The Outdoor Power Equipment Institute issued a warning June 18 that the Environmental Protection Agency's ruling providing their approval of the sale of 15 percent ethanol (E15) into the U.S. consumer marketplace for automobiles made since 2001, is dangerous.
EPA decision to permit E15 in gasoline puts equipment at risk, states OPEI
The Outdoor Power Equipment Institute (OPEI) issued a warning June 18 that the Environmental Protection Agency’s (EPA’s) ruling providing their approval of the sale of 15 percent ethanol (E15) into the U.S. consumer marketplace for automobiles made since 2001, is dangerous. The government’s test results that show E15 is harmful to outdoor power equipment, boats and marine engines and other non-road engine products. The fuel used for automobiles and other engine products would have to be divided, substantially increasing the risk for misfueling, significant engine damage and consumer hazard.
“For the first time in American history, fuel used for some automobiles may no longer safe for any non-road products. It may, in fact, destroy or damage generators, chain saws, utility vehicles, lawn mowers, boats and marine engines, snowmobiles, motorcycles, ATVs, and more,” said Kris Kiser, President and CEO of the Outdoor Power Equipment Institute, one of the industry groups who have been sending warnings to the federal government about E15.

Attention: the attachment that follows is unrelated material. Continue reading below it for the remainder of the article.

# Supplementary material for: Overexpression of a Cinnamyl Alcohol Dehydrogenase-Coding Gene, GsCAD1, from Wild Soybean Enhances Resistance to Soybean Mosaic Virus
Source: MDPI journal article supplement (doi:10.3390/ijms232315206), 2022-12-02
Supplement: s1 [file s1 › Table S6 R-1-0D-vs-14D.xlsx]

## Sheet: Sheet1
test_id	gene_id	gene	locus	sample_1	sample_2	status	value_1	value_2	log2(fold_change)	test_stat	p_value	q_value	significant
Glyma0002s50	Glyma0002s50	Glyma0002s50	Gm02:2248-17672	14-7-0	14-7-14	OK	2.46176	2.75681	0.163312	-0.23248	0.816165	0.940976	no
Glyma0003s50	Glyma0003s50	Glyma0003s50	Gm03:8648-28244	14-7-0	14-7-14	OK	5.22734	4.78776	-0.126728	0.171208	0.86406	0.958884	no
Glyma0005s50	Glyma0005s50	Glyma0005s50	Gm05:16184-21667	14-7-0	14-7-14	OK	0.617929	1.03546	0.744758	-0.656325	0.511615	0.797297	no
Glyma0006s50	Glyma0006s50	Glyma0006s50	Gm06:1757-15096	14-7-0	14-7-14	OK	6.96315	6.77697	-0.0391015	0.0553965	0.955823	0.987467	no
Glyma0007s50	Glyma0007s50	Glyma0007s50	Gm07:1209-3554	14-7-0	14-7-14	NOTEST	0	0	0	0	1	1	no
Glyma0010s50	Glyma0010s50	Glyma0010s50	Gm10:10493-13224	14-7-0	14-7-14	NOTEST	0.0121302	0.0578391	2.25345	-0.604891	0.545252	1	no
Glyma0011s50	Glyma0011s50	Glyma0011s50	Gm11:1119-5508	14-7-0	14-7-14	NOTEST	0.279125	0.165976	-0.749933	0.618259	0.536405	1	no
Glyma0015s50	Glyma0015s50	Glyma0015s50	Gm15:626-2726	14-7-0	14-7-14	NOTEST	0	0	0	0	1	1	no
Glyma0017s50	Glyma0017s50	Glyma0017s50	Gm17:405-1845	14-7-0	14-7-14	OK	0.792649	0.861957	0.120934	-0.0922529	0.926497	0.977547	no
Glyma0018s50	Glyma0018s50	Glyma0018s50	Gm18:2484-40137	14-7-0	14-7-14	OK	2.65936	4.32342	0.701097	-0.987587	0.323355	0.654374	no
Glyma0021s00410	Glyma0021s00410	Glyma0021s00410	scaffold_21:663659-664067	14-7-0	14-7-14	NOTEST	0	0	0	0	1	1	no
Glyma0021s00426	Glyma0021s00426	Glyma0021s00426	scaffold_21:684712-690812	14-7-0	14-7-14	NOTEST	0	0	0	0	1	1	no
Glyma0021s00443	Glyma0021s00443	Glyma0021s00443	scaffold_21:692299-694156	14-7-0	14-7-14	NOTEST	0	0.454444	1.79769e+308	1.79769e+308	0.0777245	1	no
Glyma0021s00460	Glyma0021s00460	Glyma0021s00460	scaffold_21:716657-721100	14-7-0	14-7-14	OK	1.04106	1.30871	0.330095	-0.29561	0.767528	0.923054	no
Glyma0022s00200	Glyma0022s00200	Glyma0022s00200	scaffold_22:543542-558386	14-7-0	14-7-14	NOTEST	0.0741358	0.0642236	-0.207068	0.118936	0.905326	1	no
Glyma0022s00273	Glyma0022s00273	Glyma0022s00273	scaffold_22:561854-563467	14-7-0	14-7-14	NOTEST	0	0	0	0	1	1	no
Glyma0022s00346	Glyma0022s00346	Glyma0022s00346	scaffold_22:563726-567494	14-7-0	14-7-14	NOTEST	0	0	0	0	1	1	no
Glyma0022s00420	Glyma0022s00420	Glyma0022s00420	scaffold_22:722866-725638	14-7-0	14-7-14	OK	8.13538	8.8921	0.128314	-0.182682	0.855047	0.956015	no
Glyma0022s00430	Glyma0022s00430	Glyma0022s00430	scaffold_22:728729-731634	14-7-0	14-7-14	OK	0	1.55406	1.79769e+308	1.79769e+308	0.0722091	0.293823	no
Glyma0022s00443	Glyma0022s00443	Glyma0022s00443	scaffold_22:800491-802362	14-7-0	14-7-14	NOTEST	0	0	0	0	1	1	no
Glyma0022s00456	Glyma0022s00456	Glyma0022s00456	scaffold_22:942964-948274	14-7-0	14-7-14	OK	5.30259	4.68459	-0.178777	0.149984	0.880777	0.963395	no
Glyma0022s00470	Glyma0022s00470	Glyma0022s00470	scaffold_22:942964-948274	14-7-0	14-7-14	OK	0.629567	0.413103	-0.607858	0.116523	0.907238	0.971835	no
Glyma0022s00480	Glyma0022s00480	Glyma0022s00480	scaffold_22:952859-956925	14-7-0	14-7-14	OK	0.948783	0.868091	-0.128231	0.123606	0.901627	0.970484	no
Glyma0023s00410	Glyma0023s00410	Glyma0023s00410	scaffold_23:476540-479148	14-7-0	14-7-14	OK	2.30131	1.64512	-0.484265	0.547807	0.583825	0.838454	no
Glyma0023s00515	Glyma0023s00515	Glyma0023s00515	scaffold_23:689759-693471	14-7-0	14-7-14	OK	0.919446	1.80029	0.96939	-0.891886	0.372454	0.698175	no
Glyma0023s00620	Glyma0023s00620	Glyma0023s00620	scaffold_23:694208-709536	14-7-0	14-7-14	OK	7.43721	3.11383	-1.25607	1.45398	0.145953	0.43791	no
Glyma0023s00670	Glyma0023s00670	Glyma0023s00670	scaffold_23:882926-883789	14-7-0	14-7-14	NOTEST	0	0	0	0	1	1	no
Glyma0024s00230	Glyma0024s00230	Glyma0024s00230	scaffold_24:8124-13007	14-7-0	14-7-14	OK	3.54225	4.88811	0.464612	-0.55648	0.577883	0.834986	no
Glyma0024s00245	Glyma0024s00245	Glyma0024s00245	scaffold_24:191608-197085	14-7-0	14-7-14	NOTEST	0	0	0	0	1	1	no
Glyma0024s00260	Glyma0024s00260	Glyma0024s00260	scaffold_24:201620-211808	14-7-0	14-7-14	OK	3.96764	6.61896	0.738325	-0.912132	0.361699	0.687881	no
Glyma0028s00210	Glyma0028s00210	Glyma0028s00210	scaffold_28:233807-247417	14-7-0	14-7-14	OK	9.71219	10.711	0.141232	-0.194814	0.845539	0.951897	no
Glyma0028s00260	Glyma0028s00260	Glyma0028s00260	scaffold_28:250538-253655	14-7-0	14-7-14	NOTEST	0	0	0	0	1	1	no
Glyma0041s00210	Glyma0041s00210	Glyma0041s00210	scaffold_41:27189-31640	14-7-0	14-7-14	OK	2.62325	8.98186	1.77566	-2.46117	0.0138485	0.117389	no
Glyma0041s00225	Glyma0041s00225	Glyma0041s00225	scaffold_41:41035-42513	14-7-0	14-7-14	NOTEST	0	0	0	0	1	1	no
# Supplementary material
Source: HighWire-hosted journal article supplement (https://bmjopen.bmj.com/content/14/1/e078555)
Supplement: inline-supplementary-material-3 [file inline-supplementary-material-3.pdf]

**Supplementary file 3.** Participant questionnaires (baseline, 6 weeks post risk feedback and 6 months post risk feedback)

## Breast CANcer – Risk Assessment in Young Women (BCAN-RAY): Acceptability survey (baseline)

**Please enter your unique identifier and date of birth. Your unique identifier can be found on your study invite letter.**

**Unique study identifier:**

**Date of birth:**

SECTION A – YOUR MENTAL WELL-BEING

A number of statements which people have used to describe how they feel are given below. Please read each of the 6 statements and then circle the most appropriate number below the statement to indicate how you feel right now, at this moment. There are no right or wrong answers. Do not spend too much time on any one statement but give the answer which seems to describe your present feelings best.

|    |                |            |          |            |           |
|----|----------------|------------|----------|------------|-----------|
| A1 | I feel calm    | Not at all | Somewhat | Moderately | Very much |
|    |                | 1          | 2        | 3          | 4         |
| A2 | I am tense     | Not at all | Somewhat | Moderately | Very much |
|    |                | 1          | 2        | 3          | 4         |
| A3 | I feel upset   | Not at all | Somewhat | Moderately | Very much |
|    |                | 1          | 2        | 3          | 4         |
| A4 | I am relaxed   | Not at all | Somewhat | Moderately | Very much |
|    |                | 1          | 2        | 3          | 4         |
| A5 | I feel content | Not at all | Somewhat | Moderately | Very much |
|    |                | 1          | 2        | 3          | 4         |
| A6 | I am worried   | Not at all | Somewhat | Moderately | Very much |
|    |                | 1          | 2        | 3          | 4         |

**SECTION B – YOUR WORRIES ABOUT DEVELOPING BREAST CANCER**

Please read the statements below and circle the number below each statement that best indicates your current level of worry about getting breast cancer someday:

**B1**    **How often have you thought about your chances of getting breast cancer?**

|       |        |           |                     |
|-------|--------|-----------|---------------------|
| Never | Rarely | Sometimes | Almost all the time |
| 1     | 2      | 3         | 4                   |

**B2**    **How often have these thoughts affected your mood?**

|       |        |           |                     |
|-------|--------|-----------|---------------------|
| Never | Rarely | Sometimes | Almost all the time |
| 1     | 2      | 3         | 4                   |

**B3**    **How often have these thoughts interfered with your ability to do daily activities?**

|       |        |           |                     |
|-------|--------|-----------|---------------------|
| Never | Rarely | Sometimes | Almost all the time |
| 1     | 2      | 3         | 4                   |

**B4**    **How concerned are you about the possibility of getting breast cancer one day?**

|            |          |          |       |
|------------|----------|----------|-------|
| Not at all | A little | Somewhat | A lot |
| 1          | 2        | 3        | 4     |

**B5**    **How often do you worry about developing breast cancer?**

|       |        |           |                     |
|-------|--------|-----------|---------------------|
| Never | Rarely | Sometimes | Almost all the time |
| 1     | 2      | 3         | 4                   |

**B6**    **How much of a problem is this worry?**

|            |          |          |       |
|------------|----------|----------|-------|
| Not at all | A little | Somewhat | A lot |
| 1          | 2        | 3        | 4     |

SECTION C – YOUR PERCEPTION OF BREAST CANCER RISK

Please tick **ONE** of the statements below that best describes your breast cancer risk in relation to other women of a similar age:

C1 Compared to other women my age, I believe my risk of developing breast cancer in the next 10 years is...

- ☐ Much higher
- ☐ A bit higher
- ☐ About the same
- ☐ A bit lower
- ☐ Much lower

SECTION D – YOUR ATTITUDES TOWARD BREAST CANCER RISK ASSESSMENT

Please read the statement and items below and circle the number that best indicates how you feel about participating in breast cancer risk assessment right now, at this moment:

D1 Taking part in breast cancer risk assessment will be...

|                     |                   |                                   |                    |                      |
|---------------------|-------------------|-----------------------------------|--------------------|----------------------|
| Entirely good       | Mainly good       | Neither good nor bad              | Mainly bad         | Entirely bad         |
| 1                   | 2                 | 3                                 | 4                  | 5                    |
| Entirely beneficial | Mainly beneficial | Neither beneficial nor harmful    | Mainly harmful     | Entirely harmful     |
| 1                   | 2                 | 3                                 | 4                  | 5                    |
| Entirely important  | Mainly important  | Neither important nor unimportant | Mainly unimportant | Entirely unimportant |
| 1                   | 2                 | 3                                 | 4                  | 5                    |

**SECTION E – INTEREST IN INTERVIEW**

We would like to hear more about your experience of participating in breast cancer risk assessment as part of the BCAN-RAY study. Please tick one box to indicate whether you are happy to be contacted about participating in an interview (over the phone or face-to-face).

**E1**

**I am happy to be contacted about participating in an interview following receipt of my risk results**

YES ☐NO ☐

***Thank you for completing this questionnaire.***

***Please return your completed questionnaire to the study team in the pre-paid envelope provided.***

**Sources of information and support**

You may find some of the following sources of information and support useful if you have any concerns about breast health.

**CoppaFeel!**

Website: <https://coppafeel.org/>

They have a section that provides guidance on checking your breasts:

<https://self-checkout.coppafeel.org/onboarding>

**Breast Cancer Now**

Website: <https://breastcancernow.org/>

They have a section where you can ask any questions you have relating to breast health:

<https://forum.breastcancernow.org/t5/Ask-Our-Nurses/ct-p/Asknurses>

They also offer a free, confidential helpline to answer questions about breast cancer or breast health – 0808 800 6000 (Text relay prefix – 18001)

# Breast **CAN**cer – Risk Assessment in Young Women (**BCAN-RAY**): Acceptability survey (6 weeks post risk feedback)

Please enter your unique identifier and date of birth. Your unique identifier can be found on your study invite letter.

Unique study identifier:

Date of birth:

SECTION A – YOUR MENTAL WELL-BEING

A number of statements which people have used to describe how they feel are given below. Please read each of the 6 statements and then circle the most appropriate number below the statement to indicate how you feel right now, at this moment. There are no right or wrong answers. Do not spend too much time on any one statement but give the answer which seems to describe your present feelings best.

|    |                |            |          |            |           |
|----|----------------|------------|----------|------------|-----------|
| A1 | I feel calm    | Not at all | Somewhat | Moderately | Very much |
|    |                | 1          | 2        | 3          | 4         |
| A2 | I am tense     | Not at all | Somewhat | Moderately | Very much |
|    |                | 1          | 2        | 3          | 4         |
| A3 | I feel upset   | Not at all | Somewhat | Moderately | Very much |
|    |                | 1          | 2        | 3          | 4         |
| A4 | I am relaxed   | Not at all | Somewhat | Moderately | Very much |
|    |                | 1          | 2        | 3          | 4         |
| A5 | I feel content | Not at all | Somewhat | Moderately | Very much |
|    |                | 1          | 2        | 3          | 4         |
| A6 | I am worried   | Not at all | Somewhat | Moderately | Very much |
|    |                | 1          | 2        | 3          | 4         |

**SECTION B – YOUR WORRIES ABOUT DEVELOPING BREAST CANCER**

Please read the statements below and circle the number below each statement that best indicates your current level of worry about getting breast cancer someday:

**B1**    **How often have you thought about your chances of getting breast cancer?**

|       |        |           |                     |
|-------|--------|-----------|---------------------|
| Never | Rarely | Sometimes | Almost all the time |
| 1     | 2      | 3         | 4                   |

In September 2011, members of the Engine Products Group (EPG, which consists of OPEI, National Marine Manufacturers Association, Alliance of Automobile Manufacturers and Global Automakers) filed a formal legal challenge to EPA’s E15 partial waiver decision. The EPG asked the DC Circuit Court of Appeals to reverse the E15 waiver decision. The decision on this matter is expected to be issued at any time by the court.
Said Kiser, “EPA purports to educate tens of millions of Americans using hundreds of millions of engine products, asserting it will educate these users with a 3 inch by 3 inch pump label. It’s frighteningly inadequate.”
Many times OPEI has pointed out that the EPA’s prior experience with the introduction of new fuels shows that labeling alone is insufficient to prevent misfueling. As the EPA led the transition to unleaded fuels, the EPA reported a misfueling rate of nearly 15 percent almost 10 years after the introduction of unleaded gasoline, and even with a physical barrier at the pumps.